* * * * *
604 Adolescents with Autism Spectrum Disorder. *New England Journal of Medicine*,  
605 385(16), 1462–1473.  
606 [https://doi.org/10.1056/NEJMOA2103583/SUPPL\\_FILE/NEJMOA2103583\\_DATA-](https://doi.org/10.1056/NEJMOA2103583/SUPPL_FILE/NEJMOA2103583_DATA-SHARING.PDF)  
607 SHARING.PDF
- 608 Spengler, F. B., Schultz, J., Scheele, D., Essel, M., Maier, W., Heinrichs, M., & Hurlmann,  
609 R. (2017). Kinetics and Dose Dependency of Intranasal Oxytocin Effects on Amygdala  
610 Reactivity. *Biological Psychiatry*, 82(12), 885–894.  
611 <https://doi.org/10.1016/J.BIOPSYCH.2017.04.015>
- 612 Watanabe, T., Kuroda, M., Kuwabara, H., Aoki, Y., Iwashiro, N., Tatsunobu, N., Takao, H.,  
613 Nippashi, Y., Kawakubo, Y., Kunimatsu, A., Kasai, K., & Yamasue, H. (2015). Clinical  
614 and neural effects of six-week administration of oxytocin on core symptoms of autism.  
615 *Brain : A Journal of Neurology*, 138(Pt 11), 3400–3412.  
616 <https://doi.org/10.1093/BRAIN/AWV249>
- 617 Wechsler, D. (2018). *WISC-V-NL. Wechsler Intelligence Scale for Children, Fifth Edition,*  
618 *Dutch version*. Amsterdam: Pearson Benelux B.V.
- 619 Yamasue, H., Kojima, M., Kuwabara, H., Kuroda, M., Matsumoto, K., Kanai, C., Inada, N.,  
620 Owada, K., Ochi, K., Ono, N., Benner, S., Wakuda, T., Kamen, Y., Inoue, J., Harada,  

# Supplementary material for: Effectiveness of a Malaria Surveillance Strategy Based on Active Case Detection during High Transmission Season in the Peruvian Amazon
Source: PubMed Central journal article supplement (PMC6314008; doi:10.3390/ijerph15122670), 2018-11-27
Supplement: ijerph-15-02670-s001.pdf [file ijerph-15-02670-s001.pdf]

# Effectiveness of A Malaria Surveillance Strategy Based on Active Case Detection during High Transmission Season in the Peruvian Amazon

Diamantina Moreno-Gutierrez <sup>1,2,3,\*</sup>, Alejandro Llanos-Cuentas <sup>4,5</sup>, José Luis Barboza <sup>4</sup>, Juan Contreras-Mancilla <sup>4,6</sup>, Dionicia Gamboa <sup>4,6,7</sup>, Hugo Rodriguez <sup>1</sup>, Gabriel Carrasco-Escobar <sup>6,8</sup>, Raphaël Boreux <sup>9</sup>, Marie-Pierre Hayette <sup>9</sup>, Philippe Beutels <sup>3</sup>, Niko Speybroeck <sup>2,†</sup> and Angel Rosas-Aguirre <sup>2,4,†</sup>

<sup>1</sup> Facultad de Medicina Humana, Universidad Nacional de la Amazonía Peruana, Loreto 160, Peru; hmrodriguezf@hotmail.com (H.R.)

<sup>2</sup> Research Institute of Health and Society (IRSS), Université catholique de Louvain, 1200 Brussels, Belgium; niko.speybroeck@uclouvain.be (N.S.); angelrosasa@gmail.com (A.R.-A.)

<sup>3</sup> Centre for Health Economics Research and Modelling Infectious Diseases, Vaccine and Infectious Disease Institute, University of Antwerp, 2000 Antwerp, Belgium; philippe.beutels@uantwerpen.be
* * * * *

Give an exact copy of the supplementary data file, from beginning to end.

604 Adolescents with Autism Spectrum Disorder. *New England Journal of Medicine*,  
605 385(16), 1462–1473.  
606 [https://doi.org/10.1056/NEJMOA2103583/SUPPL\\_FILE/NEJMOA2103583\\_DATA-](https://doi.org/10.1056/NEJMOA2103583/SUPPL_FILE/NEJMOA2103583_DATA-SHARING.PDF)  
607 SHARING.PDF
- 608 Spengler, F. B., Schultz, J., Scheele, D., Essel, M., Maier, W., Heinrichs, M., & Hurlmann,  
609 R. (2017). Kinetics and Dose Dependency of Intranasal Oxytocin Effects on Amygdala  
610 Reactivity. *Biological Psychiatry*, 82(12), 885–894.  
611 <https://doi.org/10.1016/J.BIOPSYCH.2017.04.015>
- 612 Watanabe, T., Kuroda, M., Kuwabara, H., Aoki, Y., Iwashiro, N., Tatsunobu, N., Takao, H.,  
613 Nippashi, Y., Kawakubo, Y., Kunimatsu, A., Kasai, K., & Yamasue, H. (2015). Clinical  
614 and neural effects of six-week administration of oxytocin on core symptoms of autism.  
615 *Brain : A Journal of Neurology*, 138(Pt 11), 3400–3412.  
616 <https://doi.org/10.1093/BRAIN/AWV249>
- 617 Wechsler, D. (2018). *WISC-V-NL. Wechsler Intelligence Scale for Children, Fifth Edition,*  
618 *Dutch version*. Amsterdam: Pearson Benelux B.V.
- 619 Yamasue, H., Kojima, M., Kuwabara, H., Kuroda, M., Matsumoto, K., Kanai, C., Inada, N.,  
620 Owada, K., Ochi, K., Ono, N., Benner, S., Wakuda, T., Kamen, Y., Inoue, J., Harada,  

# Supplementary material for: Effectiveness of a Malaria Surveillance Strategy Based on Active Case Detection during High Transmission Season in the Peruvian Amazon
Source: PubMed Central journal article supplement (PMC6314008; doi:10.3390/ijerph15122670), 2018-11-27
Supplement: ijerph-15-02670-s001.pdf [file ijerph-15-02670-s001.pdf]

# Effectiveness of A Malaria Surveillance Strategy Based on Active Case Detection during High Transmission Season in the Peruvian Amazon

Diamantina Moreno-Gutierrez <sup>1,2,3,\*</sup>, Alejandro Llanos-Cuentas <sup>4,5</sup>, José Luis Barboza <sup>4</sup>, Juan Contreras-Mancilla <sup>4,6</sup>, Dionicia Gamboa <sup>4,6,7</sup>, Hugo Rodriguez <sup>1</sup>, Gabriel Carrasco-Escobar <sup>6,8</sup>, Raphaël Boreux <sup>9</sup>, Marie-Pierre Hayette <sup>9</sup>, Philippe Beutels <sup>3</sup>, Niko Speybroeck <sup>2,†</sup> and Angel Rosas-Aguirre <sup>2,4,†</sup>

<sup>1</sup> Facultad de Medicina Humana, Universidad Nacional de la Amazonía Peruana, Loreto 160, Peru; hmrodriguezf@hotmail.com (H.R.)

<sup>2</sup> Research Institute of Health and Society (IRSS), Université catholique de Louvain, 1200 Brussels, Belgium; niko.speybroeck@uclouvain.be (N.S.); angelrosasa@gmail.com (A.R.-A.)

<sup>3</sup> Centre for Health Economics Research and Modelling Infectious Diseases, Vaccine and Infectious Disease Institute, University of Antwerp, 2000 Antwerp, Belgium; philippe.beutels@uantwerpen.be